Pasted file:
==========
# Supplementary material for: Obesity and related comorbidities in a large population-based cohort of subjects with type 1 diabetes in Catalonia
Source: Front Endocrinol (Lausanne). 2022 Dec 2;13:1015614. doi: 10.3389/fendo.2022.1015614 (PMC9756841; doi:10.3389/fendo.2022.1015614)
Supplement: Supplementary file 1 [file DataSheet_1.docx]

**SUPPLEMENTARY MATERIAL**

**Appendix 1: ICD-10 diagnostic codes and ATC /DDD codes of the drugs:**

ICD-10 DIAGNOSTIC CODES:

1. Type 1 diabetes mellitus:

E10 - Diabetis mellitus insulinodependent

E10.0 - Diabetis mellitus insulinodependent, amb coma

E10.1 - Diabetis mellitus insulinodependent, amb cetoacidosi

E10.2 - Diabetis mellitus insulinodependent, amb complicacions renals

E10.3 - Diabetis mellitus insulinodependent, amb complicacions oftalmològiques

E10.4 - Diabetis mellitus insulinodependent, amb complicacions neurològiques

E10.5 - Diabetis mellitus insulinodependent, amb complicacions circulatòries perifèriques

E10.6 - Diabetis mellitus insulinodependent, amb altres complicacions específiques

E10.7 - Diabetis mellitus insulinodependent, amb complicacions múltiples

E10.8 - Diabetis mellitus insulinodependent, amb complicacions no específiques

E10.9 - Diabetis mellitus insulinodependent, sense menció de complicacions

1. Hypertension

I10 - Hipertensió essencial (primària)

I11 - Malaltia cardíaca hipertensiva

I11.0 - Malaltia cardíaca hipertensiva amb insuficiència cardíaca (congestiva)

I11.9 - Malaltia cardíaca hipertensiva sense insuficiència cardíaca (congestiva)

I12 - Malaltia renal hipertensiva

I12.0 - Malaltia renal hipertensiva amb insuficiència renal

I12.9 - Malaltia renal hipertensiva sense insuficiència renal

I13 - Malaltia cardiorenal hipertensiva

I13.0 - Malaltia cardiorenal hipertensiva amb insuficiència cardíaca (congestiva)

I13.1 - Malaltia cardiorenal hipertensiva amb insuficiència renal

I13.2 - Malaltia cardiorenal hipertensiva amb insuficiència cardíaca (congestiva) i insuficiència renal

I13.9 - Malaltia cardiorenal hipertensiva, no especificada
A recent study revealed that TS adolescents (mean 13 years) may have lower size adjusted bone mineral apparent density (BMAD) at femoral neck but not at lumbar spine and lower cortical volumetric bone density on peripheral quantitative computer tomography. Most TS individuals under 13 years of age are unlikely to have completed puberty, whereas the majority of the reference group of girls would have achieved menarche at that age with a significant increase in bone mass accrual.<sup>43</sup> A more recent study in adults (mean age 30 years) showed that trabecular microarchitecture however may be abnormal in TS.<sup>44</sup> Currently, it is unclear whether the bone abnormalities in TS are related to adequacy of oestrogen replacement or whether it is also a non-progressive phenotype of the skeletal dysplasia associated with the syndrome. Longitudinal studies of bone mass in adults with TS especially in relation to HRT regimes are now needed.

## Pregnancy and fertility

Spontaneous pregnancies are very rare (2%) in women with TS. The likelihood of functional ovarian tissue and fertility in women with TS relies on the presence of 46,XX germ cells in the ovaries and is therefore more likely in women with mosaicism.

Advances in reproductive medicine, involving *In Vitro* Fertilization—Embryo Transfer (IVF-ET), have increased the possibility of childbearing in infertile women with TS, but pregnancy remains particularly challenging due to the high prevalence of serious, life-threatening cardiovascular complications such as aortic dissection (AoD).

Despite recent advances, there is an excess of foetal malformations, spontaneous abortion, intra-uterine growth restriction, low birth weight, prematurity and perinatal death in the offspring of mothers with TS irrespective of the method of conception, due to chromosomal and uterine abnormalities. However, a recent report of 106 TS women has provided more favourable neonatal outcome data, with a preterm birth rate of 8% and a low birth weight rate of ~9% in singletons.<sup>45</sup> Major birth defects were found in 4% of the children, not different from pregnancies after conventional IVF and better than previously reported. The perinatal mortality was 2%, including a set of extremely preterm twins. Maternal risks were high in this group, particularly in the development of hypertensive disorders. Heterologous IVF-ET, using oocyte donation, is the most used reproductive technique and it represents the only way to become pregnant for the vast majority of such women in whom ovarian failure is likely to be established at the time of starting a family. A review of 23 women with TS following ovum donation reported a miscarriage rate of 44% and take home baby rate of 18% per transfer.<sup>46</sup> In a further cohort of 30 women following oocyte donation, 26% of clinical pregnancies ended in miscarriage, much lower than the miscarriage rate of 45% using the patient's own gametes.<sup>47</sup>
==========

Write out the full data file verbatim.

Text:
# Supplementary material for: Obesity and related comorbidities in a large population-based cohort of subjects with type 1 diabetes in Catalonia
Source: Front Endocrinol (Lausanne). 2022 Dec 2;13:1015614. doi: 10.3389/fendo.2022.1015614 (PMC9756841; doi:10.3389/fendo.2022.1015614)
Supplement: Supplementary file 1 [file DataSheet_1.docx]

**SUPPLEMENTARY MATERIAL**

**Appendix 1: ICD-10 diagnostic codes and ATC /DDD codes of the drugs:**

ICD-10 DIAGNOSTIC CODES:

1. Type 1 diabetes mellitus:

E10 - Diabetis mellitus insulinodependent

E10.0 - Diabetis mellitus insulinodependent, amb coma

E10.1 - Diabetis mellitus insulinodependent, amb cetoacidosi

E10.2 - Diabetis mellitus insulinodependent, amb complicacions renals

E10.3 - Diabetis mellitus insulinodependent, amb complicacions oftalmològiques

E10.4 - Diabetis mellitus insulinodependent, amb complicacions neurològiques

E10.5 - Diabetis mellitus insulinodependent, amb complicacions circulatòries perifèriques

E10.6 - Diabetis mellitus insulinodependent, amb altres complicacions específiques

E10.7 - Diabetis mellitus insulinodependent, amb complicacions múltiples

E10.8 - Diabetis mellitus insulinodependent, amb complicacions no específiques

E10.9 - Diabetis mellitus insulinodependent, sense menció de complicacions

1. Hypertension

I10 - Hipertensió essencial (primària)

I11 - Malaltia cardíaca hipertensiva

I11.0 - Malaltia cardíaca hipertensiva amb insuficiència cardíaca (congestiva)

I11.9 - Malaltia cardíaca hipertensiva sense insuficiència cardíaca (congestiva)

I12 - Malaltia renal hipertensiva

I12.0 - Malaltia renal hipertensiva amb insuficiència renal

I12.9 - Malaltia renal hipertensiva sense insuficiència renal

I13 - Malaltia cardiorenal hipertensiva

I13.0 - Malaltia cardiorenal hipertensiva amb insuficiència cardíaca (congestiva)

I13.1 - Malaltia cardiorenal hipertensiva amb insuficiència renal

I13.2 - Malaltia cardiorenal hipertensiva amb insuficiència cardíaca (congestiva) i insuficiència renal

I13.9 - Malaltia cardiorenal hipertensiva, no especificada
A recent study revealed that TS adolescents (mean 13 years) may have lower size adjusted bone mineral apparent density (BMAD) at femoral neck but not at lumbar spine and lower cortical volumetric bone density on peripheral quantitative computer tomography. Most TS individuals under 13 years of age are unlikely to have completed puberty, whereas the majority of the reference group of girls would have achieved menarche at that age with a significant increase in bone mass accrual.<sup>43</sup> A more recent study in adults (mean age 30 years) showed that trabecular microarchitecture however may be abnormal in TS.<sup>44</sup> Currently, it is unclear whether the bone abnormalities in TS are related to adequacy of oestrogen replacement or whether it is also a non-progressive phenotype of the skeletal dysplasia associated with the syndrome. Longitudinal studies of bone mass in adults with TS especially in relation to HRT regimes are now needed.

## Pregnancy and fertility

Spontaneous pregnancies are very rare (2%) in women with TS. The likelihood of functional ovarian tissue and fertility in women with TS relies on the presence of 46,XX germ cells in the ovaries and is therefore more likely in women with mosaicism.

Advances in reproductive medicine, involving *In Vitro* Fertilization—Embryo Transfer (IVF-ET), have increased the possibility of childbearing in infertile women with TS, but pregnancy remains particularly challenging due to the high prevalence of serious, life-threatening cardiovascular complications such as aortic dissection (AoD).

Despite recent advances, there is an excess of foetal malformations, spontaneous abortion, intra-uterine growth restriction, low birth weight, prematurity and perinatal death in the offspring of mothers with TS irrespective of the method of conception, due to chromosomal and uterine abnormalities. However, a recent report of 106 TS women has provided more favourable neonatal outcome data, with a preterm birth rate of 8% and a low birth weight rate of ~9% in singletons.<sup>45</sup> Major birth defects were found in 4% of the children, not different from pregnancies after conventional IVF and better than previously reported. The perinatal mortality was 2%, including a set of extremely preterm twins. Maternal risks were high in this group, particularly in the development of hypertensive disorders. Heterologous IVF-ET, using oocyte donation, is the most used reproductive technique and it represents the only way to become pregnant for the vast majority of such women in whom ovarian failure is likely to be established at the time of starting a family. A review of 23 women with TS following ovum donation reported a miscarriage rate of 44% and take home baby rate of 18% per transfer.<sup>46</sup> In a further cohort of 30 women following oocyte donation, 26% of clinical pregnancies ended in miscarriage, much lower than the miscarriage rate of 45% using the patient's own gametes.<sup>47</sup>